Step 3: The Windows setup process will then begin. For Windows 8.1, the first screen lets you select your language, location, and keyboard localization. Click Next > Install Now. Wait for the setup process to initiate.
Once the installer is running, you'll have to complete a few steps. It should take a while as Windows will need to erase your hard drive and format it.
Step 1: To begin, click I Accept The License Terms, then Next on the license screen. The next screen has two options: Upgrade and Custom. Choose Custom — the Windows 8.1 installation system cannot upgrade from a newer version of Windows to an older one.
Step 2: On this screen, you’ll have to select the installation drive or partition. If your computer has only one hard drive or solid-state drive, then this is the largest partition available. You have two options here: Click the drive and then click Next to preserve old Windows files in a folder in the new installation. This is useful as a secondary backup method, but it will not keep installed programs, and there may be compatibility or permission issues with accessing the old files. Generally, it’s better to start fresh by formatting the install drive. Do this by clicking Format, then OK. Wait for the primary drive to be formatted, then click Next.
Step 3: On the next screen, the setup program will copy the Windows files from your installation media to your computer and begin installing the OS itself. This process may take some time, so if you’ve got something else to do for 30 minutes to an hour, it’s fine to leave your computer alone, so long as it’s plugged in. Keep an eye on the screen and return when the process is finished. Your computer may restart on its own.
Step 4: After a few minutes, you should see Windows 8.1 begin its first bootup process. Here, you’ll select a few settings and personal touches. Just follow the on-screen instructions, entering your username and password where prompted. Click Finish.
Microsoft ended the free upgrade program from Windows 8.1 and 7 to Windows 10 years ago. Even in 2022, though, it’s still possible to upgrade to Windows 10 for free. If you’ve taken advantage of the upgrade, you can easily roll back to Windows 8.1 without losing any files. That said, it’s still a good idea to back up everything just in case.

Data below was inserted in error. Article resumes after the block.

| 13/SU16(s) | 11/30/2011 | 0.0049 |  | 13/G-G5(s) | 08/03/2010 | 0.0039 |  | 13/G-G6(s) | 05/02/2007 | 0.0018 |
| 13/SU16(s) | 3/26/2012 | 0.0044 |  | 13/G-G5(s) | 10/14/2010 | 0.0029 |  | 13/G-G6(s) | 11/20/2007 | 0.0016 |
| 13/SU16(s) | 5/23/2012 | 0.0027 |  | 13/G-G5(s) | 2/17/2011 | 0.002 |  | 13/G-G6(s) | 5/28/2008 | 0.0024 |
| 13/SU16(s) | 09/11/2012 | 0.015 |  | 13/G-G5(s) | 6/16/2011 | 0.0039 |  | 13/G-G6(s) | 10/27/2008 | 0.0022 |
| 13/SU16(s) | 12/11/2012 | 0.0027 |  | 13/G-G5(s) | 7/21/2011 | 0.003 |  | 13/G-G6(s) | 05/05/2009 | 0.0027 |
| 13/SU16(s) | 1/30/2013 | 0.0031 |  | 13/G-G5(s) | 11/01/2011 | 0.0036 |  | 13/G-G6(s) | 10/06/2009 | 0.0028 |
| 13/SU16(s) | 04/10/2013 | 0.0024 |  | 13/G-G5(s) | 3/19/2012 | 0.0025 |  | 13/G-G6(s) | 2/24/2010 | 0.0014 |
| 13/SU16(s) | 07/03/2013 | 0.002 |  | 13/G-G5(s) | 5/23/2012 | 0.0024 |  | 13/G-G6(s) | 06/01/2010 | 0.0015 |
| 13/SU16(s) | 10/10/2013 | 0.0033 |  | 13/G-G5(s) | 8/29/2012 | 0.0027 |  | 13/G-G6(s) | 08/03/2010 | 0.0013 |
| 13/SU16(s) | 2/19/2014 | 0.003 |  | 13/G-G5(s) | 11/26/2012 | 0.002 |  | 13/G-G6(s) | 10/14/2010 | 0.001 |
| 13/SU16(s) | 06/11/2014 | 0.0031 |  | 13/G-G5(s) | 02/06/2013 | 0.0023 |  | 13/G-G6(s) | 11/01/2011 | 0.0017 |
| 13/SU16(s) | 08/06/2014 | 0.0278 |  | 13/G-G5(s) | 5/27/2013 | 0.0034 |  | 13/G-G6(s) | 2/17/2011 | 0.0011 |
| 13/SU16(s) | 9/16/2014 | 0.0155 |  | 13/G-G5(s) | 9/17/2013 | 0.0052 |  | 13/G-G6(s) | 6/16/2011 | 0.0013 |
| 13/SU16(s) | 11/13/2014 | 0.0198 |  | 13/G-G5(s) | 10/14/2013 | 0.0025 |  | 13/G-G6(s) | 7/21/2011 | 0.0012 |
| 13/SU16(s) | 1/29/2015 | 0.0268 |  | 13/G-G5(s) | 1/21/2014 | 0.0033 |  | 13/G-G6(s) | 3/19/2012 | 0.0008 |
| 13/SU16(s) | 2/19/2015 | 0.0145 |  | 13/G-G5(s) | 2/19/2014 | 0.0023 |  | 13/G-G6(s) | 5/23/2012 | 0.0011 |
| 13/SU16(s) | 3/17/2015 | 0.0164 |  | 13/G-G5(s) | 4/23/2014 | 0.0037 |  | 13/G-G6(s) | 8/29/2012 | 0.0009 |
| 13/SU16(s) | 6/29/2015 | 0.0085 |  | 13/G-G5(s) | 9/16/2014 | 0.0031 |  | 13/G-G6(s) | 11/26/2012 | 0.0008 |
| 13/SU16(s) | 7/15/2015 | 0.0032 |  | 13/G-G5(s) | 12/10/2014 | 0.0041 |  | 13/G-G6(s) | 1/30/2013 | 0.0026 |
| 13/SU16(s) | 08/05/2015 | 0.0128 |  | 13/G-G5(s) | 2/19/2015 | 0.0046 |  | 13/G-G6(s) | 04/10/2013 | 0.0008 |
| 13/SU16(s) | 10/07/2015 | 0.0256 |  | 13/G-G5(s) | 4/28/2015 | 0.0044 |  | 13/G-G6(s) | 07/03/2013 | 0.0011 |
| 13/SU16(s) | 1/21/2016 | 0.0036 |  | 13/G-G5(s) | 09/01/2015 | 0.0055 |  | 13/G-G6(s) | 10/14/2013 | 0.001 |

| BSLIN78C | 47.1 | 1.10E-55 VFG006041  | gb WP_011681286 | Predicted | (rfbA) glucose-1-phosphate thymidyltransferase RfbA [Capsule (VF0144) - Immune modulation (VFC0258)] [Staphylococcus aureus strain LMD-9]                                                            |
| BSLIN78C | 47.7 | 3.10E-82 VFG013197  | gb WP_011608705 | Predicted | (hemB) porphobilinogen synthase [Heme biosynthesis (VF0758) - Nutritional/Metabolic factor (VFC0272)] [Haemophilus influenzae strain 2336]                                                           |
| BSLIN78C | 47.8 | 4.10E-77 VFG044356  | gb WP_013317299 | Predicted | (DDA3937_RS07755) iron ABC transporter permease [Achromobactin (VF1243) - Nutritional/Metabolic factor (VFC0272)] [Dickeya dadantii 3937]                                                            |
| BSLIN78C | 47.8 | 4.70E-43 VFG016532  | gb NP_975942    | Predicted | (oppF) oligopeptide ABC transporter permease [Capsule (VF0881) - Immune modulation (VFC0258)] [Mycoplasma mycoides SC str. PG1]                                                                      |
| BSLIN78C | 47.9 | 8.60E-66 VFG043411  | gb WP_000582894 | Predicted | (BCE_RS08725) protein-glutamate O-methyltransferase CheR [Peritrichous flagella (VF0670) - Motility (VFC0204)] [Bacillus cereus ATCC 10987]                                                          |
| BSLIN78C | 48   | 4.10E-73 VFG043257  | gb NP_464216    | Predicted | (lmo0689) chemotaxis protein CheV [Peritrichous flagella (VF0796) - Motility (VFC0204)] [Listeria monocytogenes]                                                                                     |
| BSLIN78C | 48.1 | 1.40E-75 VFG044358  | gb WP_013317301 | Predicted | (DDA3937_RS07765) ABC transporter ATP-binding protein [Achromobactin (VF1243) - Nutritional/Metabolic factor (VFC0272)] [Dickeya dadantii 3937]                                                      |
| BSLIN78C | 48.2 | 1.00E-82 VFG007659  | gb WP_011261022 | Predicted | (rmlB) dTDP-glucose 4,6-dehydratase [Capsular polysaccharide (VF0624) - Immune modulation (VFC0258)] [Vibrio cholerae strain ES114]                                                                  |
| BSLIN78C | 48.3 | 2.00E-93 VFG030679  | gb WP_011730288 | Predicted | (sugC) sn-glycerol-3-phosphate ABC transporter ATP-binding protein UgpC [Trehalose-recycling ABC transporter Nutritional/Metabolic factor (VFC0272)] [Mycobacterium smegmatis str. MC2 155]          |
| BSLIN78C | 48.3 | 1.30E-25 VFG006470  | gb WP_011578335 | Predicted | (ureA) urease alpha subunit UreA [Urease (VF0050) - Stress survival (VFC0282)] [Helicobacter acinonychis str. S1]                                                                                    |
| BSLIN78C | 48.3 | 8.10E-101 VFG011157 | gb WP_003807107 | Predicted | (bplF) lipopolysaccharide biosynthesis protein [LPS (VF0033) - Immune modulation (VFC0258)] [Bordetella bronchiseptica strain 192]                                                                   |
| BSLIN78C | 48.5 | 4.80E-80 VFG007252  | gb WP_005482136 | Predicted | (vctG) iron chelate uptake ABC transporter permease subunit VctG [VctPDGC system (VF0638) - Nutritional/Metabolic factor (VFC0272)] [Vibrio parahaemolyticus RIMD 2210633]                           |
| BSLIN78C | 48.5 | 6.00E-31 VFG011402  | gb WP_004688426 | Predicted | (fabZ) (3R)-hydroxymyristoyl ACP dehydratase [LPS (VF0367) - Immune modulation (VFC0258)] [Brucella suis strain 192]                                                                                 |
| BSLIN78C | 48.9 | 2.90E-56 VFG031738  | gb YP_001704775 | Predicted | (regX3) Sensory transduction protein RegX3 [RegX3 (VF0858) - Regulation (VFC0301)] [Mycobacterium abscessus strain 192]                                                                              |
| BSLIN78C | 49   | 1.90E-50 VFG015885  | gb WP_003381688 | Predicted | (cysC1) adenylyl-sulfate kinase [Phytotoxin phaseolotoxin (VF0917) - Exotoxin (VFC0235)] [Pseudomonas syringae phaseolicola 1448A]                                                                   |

The process used to work up to 30 days after the upgrade, but ever since the Windows 10 Anniversary Update, that’s been reduced to just 10 days after the update. There are some claims about methods of extending that, but we wouldn’t rely on them.
Regardless, after the allotted time, the OS will delete the previous OS files to make room on the hard drive. If you’ve run Windows 10’s disk cleanup operation, it may have prematurely deleted those files already, but only if you ran it manually.
This process also won’t let you roll back to Windows 8, only Windows 8.1. Part of the Windows 10 upgrade process involves moving to 8.1, so that’s technically the last OS installed on the system. If you want Windows 8 proper, you’ll have to use the instructions above, and even then, only if you have the original installation media and turn off updates.
Step 1: Go to the main Settings *menu in Windows 10, click *Recovery, then click Go Back to Windows 8.1 or Go Back to Windows 7 and follow the on-screen instructions.
Step 2: Before any instructions pop up, though, you’ll see a question asking why you want to return to an earlier Windows version. You can answer however you’d like. It won’t affect your recovery process; Windows is just collecting data. A message will then inform you that your files won’t go anywhere in this process. While it’s right that your files won’t disappear, it’s still up to you to reinstall applications and restore customized settings properly.
Step 3: Reverting to an earlier Windows can sometimes revert your password, so keep that in mind when the screen prompts a password to log in. You might need to use your old password if you changed to a new one when you upgraded to Windows 10.
When you’re ready to begin the recovery process, select Go Back to Previous Windows, and the system will start rolling back. This operation will take a while, and your computer will reboot several times.
If your PC came with Windows 11, then you might want to follow some of these steps and go back to Windows 10. Again, keep in mind that your new PC might have components not supported by legacy operating systems, so we advise against downgrading. We have two guides for this. One for how to uninstall Windows 11, and another one for how you can install Windows 11.